SAILBOATS

Soundings - - Contents - BY DEN­NIS CAPRIO

Dorothy, the old­est reg­is­tered sail­ing ves­sel in the Pa­cific Northwest, gets a ma­jor re­fit.

Dorothy is a lucky lady. Her beauty and per­son­al­ity have kept her afloat for 121 years, and her sta­tus as the old­est reg­is­tered sail­boat in Canada ought to add at least an­other cen­tury to her life. “Be­cause she’s pretty, she’s lasted and been looked af­ter,” the late John West, founder of the Vic­to­ria Clas­sic Boat Fes­ti­val, said in “Be­tween Wood and Water,” an upcoming doc­u­men­tary about the boat’s restora­tion. “Not only is she pretty, but she was struc­turally ex­tremely well-en­gi­neered, and she was built by first-rate crafts­men.”

Dorothy is be­ing made new again. “We owe it to her,” West said. “She’s got huge sig­nif­i­cance on the coast.”

Lin­ton Hope, an English naval ar­chi­tect and keen sailor, de­signed the orig­i­nal Dorothy, a 33-foot keel/cen­ter­board Thames Rater, in 1894. Thames Raters were born in the late 19th cen­tury and de­signed for the light airs of the Thames River in Eng­land. The Cana­dian ver- sion, also called Dorothy, but of­ten re­ferred to as Dorothy 1, was com­pleted in 1897 by John J. Robin­son of Vic­to­ria, British Columbia, for at­tor­ney Ma­jor W. H. Lan­g­ley. A per­sis­tently leaky cen­ter­board trunk caused Robin­son to ask Hope about re­mov­ing the board. As chance would have it, Hope had al­ready mod­i­fied the plans to a keel-only de­sign. Lan­g­ley suc­cess­fully raced Dorothy for nearly 50 years.

In 1944, Lan­g­ley sold Dorothy to Lin­ton Saver of New West­min­ster, British Columbia, near Van­cou­ver. Twenty years later, af­ter the boat had changed hands at least five times, Chuck and Pam Charlesworth, ar­chi­tects from Vic­to­ria, bought her, even though they found her sink­ing at her moor­ing. Such is Dorothy’s al­lure. The Charlesworths re­built her cock­pit but left the sole un­done, and they added sis­ter ribs to re­in­force the de­te­ri­o­rat­ing orig­i­nals. Most im­por­tant to the life of a wooden boat, the Charlesworths reg­u­larly sailed her, as an idle wooden boat is a dy­ing one.

Sandy and An­gus Matthews then joined the list of care­tak­ers. An­gus had been eye­balling Dorothy the way nau­ti­cally ob­sessed folks of­ten do, and asked Chuck Charlesworth for first dibs if he ever de­cided to sell her.

An­gus re­called what hap­pened next in a video: “The whole process with Chuck was funny, be­cause she was cov­ered with an old can­vas tarp at Oak Bay Ma­rina. I was the man­ager of Oak Bay, and I took Chuck’s name off the board of the ma­rina’s dock list so no­body else could talk to him.” The Charlesworths be­came good friends with the Matthews, so An­gus pes­ter­ing Chuck about sell­ing Dorothy “was al­most like ask­ing him if you could marry his daugh­ter.” The Matthews fi­nally suc­ceeded, buy­ing Dorothy in 1973.

Dur­ing their 11 years of own­er­ship, the Matthews re­habbed the in­te­rior, decks and hatches, and dressed her in a set of new sails. “Chuck de­serves most of the credit for sav­ing her,” An­gus said. “We got to her at a great stage, where we got to do the fun stuff, stuff you could see.”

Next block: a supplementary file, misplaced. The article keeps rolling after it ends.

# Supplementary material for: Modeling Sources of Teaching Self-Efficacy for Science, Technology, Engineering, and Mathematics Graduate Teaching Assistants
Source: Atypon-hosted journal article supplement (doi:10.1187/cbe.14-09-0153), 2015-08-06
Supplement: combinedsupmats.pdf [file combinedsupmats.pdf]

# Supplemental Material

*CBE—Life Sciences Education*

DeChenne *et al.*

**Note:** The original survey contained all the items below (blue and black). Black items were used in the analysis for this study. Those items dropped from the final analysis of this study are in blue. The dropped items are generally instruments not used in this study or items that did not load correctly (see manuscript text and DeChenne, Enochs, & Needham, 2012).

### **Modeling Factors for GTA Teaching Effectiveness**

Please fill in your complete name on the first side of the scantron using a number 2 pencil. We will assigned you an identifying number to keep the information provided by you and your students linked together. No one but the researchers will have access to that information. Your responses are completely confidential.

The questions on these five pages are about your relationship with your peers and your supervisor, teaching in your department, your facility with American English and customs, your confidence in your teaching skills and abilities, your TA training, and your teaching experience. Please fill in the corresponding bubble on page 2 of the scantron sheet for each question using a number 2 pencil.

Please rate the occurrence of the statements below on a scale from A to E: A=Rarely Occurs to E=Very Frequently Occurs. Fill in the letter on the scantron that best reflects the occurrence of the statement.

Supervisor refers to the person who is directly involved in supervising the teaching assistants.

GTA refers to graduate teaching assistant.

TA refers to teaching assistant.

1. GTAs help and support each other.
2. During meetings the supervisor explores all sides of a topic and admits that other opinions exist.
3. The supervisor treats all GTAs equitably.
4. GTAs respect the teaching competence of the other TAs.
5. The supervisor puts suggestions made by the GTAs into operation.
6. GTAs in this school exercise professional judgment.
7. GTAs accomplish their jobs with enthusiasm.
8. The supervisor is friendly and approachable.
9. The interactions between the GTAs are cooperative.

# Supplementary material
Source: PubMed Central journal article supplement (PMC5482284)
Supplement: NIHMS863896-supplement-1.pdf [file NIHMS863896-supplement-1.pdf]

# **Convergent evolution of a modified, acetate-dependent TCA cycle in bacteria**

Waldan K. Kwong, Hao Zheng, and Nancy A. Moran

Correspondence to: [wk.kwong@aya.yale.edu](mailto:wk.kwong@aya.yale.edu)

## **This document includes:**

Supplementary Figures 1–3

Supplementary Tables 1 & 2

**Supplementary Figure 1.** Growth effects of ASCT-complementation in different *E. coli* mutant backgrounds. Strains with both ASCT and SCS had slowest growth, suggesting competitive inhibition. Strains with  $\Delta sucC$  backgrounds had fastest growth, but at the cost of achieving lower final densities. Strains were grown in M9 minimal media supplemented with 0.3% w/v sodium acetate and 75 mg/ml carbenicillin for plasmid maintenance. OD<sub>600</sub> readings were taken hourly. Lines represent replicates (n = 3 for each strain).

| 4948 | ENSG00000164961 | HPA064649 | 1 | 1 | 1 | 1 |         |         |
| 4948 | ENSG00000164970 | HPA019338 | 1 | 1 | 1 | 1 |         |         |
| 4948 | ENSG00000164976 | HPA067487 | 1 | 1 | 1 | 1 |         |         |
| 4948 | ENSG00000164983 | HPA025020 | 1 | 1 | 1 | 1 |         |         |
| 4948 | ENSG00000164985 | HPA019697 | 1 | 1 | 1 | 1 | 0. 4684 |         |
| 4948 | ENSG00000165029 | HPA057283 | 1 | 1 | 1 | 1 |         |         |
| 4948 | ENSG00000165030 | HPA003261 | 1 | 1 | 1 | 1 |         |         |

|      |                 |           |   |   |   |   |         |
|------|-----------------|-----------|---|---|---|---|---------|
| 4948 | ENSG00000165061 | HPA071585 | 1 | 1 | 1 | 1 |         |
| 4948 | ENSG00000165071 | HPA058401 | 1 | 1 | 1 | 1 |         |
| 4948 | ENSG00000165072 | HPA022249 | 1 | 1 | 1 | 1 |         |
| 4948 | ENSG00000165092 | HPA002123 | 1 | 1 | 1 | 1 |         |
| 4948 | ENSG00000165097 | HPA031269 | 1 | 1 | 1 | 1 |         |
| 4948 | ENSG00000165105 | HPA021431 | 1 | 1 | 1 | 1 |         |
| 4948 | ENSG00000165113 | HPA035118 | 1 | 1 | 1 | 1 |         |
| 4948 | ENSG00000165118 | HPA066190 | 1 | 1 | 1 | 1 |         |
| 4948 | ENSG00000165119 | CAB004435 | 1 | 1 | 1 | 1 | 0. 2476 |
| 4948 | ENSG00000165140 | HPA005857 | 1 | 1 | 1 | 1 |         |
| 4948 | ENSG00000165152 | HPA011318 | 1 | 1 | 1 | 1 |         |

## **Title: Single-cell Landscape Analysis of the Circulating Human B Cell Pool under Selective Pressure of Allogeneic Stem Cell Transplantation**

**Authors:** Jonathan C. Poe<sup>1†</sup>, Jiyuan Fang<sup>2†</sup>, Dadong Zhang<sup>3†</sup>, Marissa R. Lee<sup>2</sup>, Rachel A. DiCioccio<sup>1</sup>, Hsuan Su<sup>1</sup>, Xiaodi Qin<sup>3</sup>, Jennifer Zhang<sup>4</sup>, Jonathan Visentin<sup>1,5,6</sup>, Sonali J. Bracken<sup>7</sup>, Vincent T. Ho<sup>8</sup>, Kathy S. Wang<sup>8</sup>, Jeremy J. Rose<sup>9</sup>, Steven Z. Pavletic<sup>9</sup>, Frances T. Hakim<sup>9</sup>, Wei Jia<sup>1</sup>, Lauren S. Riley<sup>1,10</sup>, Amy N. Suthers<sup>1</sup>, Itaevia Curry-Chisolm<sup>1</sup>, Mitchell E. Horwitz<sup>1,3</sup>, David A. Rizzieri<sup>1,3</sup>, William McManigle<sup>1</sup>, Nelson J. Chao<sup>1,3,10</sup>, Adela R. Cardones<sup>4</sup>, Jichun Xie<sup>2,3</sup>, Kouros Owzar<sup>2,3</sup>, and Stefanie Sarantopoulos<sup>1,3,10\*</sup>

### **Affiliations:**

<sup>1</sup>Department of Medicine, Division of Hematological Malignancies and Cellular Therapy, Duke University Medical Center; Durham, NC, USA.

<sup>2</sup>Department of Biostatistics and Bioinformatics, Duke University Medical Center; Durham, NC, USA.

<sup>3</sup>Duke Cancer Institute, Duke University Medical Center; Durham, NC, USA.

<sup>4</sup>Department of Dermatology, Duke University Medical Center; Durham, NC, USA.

Dorothy fell on bad times af­ter the owner of a pri­vate ma­rina in Sid­ney, British Columbia, bought her and left her to the el­e­ments. Hugh Camp­bell res­cued her, re­stored her to sail­ing con­di­tion and, in 1995, do­nated her to the Mar­itime Mu­seum of British Columbia, her cur­rent home. The trustees de­bated the op­tions: do noth­ing, com­pletely re­store her or sim­ply pre­serve her.

“Preser­va­tion wasn’t an op­tion be­cause we couldn’t dis­play her,” said mu­seum trustee Eric Waal. “This is Dorothy’s last chance for sur­vival.”

Tony Grove, a ship­wright, fine artist and teacher, was com­mis­sioned by the mu­seum to re­store her in the best way pos­si­ble. He has stripped the paint, reefed the seams be­tween the planks, in­stalled new bronze keep bolts, new floors and a host of other chores. He mostly works alone.

“[It’s] kind of a boat­builder’s dream and an ar­chae­o­log­i­cal dig at the same time,” Grove said.

The launch­ing date re­mains un­der dis­cus­sion, and the en­tire project re­lies on con­tri­bu­tions along with money earned from the sale of Dorothy swag. So far, the red cedar for plank­ing and the oak for frames cost about $75,000.

Un­til Dorothy is ready for tours, the best way to see her is in the doc­u­men­tary that’s be­ing filmed. Trail­ers can be seen at dorothy­sails.

com and Grove’s blog about the restora­tion is at tony­grove.com. Or, visit the mu­seum’s web­site, mmbc.bc.ca. n

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Tony Grove mostly worked alone to re­store Dorothy.

Dorothy is the old­est reg­is­tered sail­boat in Canada. LOA: 30 feet (ex­clud­ing bowsprit) LWL: 24 feet, 4 inches BEAM: 8 feet DRAFT: 3 feet, 6 inches DIS­PLACE­MENT: 13,126 pounds EN­GINE: 10-hp Yan­mar diesel (orig­i­nally she was built with­out an en­gine, but fit­ted with a sin­gle-cylinder Ker­math in 1920)

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